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Yesterday I described audio, so today I'll describe video! Video, and graphics more generally, is defined by the sheer quantity of data that needs to be generated 30, 60+ times a second.

Even with lossy compression, a feature film takes about a gigabyte of storage. Without it, it'd take 4 bytes per pixel * 1920px wide * 1080px tall * 30fps * 60 s/min * 90min ~= 1.3e12 = 130Gb, excluding audio!

Timing appears to be less vital than for audio.

So how do we get this size down somewhat?

The first popular technique, employed even on early colour TV (with analog arithmatic, in part to be backwards to be compatible with black&white TV), is to take advantage of the fact we're more sensitive to brightness than how close to red, green, or blue the colour is.

So store the images in HSV (or HSL?) colourspace, reduce the bits dedicated to hue, & convert it to RGB for display.

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Another technique is to have most frames encode movement over raw pixel values. (cont.)

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You can split the previous (and maybe next) frames up into blocks and encode how many pixels over they shift, filling in new gaps with a specified adjacent colour. The resulting image may still require minor corrections, but that doesn't require near as many bytes and can be more readily compressed.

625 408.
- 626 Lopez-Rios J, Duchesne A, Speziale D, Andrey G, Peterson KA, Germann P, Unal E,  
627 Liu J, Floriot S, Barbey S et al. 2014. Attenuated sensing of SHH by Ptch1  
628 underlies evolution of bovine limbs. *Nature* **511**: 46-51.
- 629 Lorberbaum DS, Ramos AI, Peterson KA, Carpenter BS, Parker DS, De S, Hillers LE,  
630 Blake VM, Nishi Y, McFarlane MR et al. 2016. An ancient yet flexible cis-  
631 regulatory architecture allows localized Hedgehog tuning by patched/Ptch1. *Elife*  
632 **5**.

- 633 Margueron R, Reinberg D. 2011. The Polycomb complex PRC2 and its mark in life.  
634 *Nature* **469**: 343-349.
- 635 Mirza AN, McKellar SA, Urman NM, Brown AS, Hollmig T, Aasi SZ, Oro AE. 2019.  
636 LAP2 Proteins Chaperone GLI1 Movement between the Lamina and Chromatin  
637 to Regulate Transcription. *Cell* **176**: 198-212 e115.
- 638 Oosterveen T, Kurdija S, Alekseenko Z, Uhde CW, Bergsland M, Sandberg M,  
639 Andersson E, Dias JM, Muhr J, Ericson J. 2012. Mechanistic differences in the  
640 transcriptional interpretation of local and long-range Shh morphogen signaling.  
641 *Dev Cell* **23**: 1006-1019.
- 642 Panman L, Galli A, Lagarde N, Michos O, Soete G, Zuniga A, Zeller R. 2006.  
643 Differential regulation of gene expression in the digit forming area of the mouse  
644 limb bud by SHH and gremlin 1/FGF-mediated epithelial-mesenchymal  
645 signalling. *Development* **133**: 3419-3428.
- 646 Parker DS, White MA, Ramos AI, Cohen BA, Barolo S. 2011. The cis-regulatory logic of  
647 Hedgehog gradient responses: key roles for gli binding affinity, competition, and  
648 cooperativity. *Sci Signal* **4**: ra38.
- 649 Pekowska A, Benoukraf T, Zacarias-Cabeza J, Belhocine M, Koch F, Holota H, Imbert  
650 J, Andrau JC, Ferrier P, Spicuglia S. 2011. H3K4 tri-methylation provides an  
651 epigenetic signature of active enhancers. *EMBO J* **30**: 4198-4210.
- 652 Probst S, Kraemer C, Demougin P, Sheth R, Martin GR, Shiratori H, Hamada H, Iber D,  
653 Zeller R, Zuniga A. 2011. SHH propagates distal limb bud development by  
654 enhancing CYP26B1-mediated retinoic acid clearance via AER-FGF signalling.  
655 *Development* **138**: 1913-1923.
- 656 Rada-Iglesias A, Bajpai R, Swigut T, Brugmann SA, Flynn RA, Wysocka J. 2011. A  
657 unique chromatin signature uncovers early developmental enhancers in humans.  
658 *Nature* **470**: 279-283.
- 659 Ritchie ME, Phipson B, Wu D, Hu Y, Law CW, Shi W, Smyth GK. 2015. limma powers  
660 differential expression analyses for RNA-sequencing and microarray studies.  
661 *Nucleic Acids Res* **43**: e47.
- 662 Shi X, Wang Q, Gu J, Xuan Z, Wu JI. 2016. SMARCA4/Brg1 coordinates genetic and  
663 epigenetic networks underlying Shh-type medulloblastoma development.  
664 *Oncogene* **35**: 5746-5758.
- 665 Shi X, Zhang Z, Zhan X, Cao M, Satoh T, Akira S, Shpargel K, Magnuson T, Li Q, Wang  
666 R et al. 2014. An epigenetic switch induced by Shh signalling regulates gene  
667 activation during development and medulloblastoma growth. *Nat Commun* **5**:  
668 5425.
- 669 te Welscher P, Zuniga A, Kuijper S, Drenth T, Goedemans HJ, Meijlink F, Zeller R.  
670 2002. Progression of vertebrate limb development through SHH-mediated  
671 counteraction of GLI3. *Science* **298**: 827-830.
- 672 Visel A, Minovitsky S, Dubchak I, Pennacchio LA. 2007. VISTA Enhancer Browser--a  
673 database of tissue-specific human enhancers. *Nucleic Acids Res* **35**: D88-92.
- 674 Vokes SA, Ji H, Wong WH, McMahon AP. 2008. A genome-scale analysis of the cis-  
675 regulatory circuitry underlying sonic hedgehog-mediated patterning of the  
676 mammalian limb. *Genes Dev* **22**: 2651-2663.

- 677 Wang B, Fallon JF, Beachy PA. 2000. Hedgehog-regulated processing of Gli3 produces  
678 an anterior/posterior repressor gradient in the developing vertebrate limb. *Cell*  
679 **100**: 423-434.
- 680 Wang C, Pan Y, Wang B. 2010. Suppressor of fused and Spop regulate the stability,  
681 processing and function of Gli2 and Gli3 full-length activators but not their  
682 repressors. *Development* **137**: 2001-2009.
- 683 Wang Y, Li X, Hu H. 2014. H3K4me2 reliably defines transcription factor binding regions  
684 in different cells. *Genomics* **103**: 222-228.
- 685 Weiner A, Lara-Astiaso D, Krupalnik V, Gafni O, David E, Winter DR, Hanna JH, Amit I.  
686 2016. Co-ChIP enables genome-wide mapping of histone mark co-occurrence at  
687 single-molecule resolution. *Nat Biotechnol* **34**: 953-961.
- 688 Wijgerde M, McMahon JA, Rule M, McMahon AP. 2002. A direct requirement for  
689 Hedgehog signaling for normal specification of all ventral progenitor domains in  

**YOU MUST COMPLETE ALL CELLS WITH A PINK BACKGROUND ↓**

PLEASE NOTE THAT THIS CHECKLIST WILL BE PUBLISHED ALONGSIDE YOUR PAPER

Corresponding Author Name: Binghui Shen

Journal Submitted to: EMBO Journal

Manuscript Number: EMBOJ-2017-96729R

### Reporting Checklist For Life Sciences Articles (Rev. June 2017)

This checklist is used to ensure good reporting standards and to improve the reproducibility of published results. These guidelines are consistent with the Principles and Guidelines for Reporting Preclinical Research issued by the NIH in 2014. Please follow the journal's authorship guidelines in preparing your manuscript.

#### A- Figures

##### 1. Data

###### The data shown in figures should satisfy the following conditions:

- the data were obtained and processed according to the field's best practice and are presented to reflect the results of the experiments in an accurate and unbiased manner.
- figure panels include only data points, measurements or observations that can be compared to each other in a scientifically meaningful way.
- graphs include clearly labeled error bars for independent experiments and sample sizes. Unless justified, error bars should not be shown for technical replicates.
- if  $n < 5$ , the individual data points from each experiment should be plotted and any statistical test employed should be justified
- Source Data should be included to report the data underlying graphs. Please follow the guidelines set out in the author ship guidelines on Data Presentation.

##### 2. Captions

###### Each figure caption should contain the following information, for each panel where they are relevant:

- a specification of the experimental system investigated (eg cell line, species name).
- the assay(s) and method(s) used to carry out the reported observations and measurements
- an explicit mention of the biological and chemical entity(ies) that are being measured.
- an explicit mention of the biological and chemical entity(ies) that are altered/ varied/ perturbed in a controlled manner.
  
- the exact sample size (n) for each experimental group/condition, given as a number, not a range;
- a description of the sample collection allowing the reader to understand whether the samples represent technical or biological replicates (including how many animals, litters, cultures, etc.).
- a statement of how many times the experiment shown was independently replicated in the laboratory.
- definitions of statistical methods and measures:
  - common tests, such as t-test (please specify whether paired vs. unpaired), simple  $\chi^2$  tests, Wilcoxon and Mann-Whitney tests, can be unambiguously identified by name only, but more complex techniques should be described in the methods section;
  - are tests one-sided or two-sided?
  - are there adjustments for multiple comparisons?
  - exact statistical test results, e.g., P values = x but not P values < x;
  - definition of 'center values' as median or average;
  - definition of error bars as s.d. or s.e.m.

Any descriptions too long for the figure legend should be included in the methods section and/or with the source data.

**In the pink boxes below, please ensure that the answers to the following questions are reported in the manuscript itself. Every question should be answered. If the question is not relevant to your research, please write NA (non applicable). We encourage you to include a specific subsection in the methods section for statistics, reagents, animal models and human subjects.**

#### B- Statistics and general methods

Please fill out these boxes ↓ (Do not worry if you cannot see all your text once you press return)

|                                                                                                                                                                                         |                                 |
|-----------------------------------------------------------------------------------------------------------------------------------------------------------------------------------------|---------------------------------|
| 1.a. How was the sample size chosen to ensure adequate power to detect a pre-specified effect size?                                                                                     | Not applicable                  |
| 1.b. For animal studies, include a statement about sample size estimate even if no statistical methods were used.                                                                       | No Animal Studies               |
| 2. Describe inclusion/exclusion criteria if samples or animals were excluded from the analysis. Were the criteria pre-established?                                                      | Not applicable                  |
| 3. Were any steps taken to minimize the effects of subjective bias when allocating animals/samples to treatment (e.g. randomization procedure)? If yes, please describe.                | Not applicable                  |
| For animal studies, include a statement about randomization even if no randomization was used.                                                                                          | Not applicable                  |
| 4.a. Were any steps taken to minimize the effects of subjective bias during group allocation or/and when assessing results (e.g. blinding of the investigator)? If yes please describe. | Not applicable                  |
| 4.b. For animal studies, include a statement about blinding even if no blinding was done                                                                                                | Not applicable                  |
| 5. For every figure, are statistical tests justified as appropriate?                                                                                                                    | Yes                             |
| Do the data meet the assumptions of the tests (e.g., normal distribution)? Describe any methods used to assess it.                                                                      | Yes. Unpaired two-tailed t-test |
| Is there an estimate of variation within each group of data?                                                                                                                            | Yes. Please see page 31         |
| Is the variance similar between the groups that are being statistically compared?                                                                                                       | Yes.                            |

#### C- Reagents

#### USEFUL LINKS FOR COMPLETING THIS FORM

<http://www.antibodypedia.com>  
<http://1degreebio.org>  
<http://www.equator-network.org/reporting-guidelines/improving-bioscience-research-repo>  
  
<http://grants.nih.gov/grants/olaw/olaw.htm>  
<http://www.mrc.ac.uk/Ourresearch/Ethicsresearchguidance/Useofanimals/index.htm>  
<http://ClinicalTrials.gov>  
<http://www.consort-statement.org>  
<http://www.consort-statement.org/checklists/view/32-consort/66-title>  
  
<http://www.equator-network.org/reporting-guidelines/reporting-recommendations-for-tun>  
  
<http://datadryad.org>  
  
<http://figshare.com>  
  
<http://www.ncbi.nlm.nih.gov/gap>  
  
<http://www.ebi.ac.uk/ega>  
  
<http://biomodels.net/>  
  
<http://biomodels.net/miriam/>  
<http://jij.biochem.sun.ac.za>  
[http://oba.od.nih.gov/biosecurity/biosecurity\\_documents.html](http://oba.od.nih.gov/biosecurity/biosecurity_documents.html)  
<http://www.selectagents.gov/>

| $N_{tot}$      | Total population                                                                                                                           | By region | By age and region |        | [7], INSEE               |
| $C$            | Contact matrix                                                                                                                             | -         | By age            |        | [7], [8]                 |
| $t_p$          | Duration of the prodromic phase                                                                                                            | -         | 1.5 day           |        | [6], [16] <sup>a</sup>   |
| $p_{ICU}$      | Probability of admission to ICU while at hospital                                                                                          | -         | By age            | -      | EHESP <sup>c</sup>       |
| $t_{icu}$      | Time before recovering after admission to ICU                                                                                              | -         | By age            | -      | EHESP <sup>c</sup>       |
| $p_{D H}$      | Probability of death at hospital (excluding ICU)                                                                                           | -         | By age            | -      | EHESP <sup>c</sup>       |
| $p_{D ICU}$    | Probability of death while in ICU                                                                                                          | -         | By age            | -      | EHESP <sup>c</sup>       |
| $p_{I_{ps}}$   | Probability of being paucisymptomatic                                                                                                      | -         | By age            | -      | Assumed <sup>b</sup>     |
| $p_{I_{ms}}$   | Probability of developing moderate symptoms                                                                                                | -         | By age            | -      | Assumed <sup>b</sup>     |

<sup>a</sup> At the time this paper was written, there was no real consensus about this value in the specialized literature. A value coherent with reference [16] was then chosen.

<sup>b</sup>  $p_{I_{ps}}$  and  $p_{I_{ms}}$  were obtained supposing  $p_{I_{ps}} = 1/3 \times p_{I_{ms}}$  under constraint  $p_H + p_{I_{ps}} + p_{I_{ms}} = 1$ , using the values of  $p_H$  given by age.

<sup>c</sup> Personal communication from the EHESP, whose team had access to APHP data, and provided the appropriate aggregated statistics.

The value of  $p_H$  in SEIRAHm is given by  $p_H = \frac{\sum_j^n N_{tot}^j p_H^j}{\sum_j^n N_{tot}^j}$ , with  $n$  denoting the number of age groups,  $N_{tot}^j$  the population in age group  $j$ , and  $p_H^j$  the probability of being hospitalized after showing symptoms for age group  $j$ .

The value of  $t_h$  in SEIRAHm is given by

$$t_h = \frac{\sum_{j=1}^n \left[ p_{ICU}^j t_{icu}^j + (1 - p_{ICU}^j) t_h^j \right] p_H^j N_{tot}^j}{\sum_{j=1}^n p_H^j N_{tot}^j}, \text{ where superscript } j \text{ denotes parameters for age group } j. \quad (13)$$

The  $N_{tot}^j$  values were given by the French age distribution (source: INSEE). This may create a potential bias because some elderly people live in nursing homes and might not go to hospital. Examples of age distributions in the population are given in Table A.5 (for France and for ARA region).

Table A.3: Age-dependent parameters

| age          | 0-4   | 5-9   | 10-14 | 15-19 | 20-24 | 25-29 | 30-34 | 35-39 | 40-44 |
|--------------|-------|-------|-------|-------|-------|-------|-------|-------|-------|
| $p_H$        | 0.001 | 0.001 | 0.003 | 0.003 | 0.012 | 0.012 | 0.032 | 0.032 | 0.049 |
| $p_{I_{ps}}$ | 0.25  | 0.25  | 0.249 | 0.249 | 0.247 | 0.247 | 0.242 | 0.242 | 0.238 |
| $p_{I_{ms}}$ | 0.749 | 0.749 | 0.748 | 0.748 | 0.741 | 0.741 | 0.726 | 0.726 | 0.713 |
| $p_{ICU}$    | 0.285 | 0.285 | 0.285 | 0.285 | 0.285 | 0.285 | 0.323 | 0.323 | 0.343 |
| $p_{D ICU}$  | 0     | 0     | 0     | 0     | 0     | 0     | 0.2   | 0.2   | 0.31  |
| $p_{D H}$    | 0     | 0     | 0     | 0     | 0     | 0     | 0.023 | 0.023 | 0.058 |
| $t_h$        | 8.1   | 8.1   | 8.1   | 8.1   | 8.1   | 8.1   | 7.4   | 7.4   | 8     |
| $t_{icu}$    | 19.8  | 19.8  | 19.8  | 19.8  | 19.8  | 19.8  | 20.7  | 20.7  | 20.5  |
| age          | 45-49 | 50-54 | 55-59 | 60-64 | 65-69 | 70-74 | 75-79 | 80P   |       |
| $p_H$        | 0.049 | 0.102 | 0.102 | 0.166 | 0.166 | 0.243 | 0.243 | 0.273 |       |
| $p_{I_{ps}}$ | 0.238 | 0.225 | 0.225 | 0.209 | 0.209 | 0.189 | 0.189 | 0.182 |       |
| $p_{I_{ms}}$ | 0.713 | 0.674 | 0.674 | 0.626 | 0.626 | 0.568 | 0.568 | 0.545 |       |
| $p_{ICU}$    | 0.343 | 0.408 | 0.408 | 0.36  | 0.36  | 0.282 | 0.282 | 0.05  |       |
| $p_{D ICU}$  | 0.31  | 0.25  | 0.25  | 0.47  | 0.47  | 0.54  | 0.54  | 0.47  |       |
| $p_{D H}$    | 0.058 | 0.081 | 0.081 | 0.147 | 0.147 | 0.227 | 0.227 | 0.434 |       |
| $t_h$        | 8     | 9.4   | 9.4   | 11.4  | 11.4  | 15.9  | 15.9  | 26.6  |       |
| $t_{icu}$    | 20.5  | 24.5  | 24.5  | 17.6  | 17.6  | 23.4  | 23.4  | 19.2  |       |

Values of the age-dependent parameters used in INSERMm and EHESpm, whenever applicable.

The main drawbacks are that it can get in the way of seeking, doesn't play well with cuts/transitions, & can lead conspiracy theorists to see lizardpeople. Conference talks are tiny though!

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So don't apply movement-compression to every frame, and find more find details to discard where you can get away with it. Then ofcourse there's the lossless compression techniques to use as well!

Linux-based implementation-wise video files are usually decoded within the same GStreamer pipeline I described yesterday for audio, asking the window manager to use whatever hardware acceleration is at it's disposal to "composite" the video frame into the target window.

Fin.

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@alcinnz lossy video compression is lizard people technology :P

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